Quicker ADHD Diagnoses with Computer-Based Test


Within 6 months, clinicians with access to the test results were 1.44 times more likely to have diagnosed or excluded ADHD.

Chris Hollis, MBBS, PhD

Chris Hollis, MBBS, PhD

A computer-based test that measures the attention and activity of children with suspected attention deficit hyperactivity disorder (ADHD) may help clinicians diagnose the condition more efficiently, a clinical trial suggests.

The QbTest, used along with customary ADHD assessment measures, allowed clinicians to reduce the time they needed to make a diagnosis without sacrificing accuracy, researchers at the University of Nottingham in the UK found.

The test also improved clinicians’ confidence in their assessment and increased the likelihood that they would correctly exclude ADHD when it was not present, results published in the Journal of Child Psychology and Psychiatry showed.

“Adoption of objective computerized assessment technology (QbTest) as an adjunct to clinical diagnostic decision-making in the assessment of ADHD appears to increase the speed and efficiency of decision-making without appearing to compromise diagnostic accuracy,” wrote the researchers led by Chris Hollis, MBBS, PhD, a professor at the University of Nottingham.

“The clinicians who had access to a QbTest report were faster in reaching diagnostic decisions with no overall loss of diagnostic accuracy,” Hollis said.

However, only small cost savings were gained by including the test report with the clinician’s customary assessment, an economic analysis found.

“The impact of providing the QbTest report within this trial can best we viewed as `cost neutral,’” the Nottingham research team wrote.

Currently, ADHD is diagnosed using subjective measures such as an interview with the child and family and a behavioral assessment, the researchers said.

The lack of objective measures to identify the disorder can reduce the reliability and consistency of diagnoses, hurting patients by increasing the time it takes to receive a diagnosis and treatment, the team said.

“Early diagnosis and timely interventions reduce the risk of adverse long-term outcomes that are associated with ADHD such as antisocial behavior, poor academic performance, and social functioning,” the authors wrote.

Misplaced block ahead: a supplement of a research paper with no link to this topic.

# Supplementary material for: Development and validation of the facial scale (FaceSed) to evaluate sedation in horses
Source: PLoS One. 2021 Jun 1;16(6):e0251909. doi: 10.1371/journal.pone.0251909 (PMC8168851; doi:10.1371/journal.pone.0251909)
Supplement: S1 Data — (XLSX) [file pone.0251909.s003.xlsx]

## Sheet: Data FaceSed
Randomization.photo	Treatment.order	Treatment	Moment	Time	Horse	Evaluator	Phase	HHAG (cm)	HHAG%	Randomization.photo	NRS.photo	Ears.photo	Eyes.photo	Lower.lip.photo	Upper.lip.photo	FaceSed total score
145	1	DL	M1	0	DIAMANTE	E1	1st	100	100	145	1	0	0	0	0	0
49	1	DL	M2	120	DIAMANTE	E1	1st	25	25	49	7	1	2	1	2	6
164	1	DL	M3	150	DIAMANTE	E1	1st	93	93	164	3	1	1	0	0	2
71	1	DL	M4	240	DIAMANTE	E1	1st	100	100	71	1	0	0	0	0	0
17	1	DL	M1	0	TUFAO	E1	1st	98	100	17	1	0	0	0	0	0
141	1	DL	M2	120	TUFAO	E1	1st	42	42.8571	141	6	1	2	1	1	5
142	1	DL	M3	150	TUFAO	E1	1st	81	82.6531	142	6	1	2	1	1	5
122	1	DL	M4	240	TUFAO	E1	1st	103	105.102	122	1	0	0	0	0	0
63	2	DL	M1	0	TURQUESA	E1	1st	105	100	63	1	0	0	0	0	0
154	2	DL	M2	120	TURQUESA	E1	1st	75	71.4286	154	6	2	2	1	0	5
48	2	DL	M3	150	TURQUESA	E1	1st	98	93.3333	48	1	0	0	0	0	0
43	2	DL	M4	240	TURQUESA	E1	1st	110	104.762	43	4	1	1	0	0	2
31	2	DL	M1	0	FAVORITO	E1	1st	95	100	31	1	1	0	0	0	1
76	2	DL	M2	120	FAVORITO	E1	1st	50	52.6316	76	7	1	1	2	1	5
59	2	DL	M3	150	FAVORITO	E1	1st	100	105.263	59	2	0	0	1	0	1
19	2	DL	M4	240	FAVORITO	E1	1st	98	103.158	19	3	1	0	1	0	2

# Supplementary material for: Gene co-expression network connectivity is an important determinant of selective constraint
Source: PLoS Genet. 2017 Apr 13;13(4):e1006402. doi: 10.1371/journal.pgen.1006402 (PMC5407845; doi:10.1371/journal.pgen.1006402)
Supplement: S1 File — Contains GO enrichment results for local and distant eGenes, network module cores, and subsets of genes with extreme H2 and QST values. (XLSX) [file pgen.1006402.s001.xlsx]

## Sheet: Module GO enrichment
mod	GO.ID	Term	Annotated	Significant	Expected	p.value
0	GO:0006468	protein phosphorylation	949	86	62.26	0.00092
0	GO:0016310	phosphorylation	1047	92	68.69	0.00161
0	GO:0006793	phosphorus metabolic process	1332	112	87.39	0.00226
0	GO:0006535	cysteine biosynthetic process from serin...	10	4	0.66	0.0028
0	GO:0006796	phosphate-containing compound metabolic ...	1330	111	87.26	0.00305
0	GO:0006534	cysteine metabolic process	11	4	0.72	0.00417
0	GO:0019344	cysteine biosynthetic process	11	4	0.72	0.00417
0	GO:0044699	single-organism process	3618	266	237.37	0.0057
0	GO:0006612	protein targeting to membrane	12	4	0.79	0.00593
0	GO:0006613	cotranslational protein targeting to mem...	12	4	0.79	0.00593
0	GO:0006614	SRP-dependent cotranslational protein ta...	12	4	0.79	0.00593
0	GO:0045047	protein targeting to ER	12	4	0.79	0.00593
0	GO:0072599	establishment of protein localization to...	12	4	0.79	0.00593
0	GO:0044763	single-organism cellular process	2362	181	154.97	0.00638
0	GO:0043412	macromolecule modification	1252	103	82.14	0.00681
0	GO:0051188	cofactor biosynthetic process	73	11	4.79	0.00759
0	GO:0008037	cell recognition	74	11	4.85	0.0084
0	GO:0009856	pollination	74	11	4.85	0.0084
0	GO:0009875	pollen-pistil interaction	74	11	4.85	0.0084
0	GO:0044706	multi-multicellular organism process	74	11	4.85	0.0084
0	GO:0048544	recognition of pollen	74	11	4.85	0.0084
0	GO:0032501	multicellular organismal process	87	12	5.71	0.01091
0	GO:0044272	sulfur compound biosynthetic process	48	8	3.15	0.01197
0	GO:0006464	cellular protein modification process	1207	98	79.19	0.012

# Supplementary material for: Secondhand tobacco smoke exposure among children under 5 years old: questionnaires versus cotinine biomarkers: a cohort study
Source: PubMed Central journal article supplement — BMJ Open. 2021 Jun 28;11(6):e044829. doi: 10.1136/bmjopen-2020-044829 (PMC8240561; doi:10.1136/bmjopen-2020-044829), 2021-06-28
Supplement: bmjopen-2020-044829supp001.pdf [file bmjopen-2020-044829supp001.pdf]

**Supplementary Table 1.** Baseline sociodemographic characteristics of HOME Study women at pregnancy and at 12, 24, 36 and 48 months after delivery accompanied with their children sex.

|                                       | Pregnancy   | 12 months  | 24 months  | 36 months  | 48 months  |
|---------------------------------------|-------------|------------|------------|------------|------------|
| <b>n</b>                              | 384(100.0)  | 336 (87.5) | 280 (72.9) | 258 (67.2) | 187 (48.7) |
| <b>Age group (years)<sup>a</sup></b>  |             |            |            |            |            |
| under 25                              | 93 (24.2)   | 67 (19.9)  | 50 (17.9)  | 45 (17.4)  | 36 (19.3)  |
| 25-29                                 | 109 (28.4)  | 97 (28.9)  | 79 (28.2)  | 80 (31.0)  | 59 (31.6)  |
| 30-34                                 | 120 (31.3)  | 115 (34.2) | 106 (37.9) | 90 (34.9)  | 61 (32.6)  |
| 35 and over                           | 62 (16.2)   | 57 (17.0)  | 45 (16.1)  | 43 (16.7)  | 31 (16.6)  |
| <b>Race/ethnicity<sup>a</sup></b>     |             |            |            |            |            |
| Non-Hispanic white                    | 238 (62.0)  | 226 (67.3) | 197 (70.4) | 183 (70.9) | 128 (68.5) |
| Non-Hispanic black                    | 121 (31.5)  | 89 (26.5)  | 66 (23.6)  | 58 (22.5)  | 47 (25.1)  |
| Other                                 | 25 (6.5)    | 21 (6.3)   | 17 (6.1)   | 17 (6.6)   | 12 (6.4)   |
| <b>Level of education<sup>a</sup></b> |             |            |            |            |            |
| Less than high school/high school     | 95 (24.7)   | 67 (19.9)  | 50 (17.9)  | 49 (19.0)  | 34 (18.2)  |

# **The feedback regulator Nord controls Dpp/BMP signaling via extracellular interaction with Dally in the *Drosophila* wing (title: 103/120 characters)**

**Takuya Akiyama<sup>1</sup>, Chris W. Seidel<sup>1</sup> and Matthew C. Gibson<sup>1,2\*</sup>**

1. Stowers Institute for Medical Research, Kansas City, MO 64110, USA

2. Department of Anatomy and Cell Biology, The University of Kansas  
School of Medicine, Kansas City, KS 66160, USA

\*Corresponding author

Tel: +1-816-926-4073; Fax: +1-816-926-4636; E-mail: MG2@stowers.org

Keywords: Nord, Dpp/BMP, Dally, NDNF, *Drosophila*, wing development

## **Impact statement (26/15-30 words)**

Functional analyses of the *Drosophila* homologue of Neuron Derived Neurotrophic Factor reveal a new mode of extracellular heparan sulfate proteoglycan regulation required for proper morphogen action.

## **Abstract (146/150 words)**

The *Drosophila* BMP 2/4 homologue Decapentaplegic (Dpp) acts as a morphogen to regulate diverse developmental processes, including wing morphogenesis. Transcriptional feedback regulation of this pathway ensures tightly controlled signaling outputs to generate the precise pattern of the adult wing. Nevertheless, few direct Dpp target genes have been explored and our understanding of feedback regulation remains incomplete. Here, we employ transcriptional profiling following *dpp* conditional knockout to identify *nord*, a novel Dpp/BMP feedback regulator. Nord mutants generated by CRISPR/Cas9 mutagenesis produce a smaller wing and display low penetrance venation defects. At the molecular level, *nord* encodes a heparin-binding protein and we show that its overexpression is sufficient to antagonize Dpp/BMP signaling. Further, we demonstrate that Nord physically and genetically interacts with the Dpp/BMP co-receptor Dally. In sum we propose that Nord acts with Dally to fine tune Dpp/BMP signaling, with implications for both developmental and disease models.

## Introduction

The QbTest, created by Stockholm-based Qbtech, was developed to assess the core symptoms of ADHD. The test tracks a patient’s motions while he performs a continuous 15- to 20-minute computer-based task. It then compares the result with a norm and creates a report for a clinician to review.

To assess whether such an objective assessment could improve the speed and accuracy of ADHD diagnoses, the researchers conducted a trial involving patients 6 to 17 years old who had been referred for assessment to pediatric clinics in England.

The patients were given the QbTest along with each facility’s customary evaluation. The participants and their clinicians were divided into two groups.

In the first group of 123 young people, the QbTest report was provided immediately to the clinician. In the second group of 127, the report was withheld.

The researchers considered how many consultations were required to either confirm or exclude an ADHD diagnosis. They found that the groups who were given the QbTest results were more likely to reach a decision.

“At six months, 76% of those with a QbTest report had received a diagnosis compared with 50% without,” the researchers found.

The QbTest also cut appointment length by 15%, increased clinicians’ confidence in their decisions, and doubled the likelihood of excluding ADHD in clinicians’ findings, the team reported.

“Overall, our results suggest that the greatest impact of QbTest on diagnostic decision-making may be in cases where diagnosis would typically be deferred, possibly due to missing or inconsistent information,” the authors wrote.

Qbtech had no role in the design, collection, analysis, and interpretation of data, or in the writing of the manuscript, the authors said.

As for whether the trial results are relevant to other countries, the authors noted that the UK has a long waiting time from a patient’s first doctor visit to a formal ADHD diagnosis. Patients there experience a mean duration of 18.3 months compared to 10.8 months for EU countries overall.

“There are some limitations in generalizing these findings beyond the United Kingdom to countries, including North America, where ADHD diagnostic decision-making is typically significantly faster than the United Kingdom,” they said.

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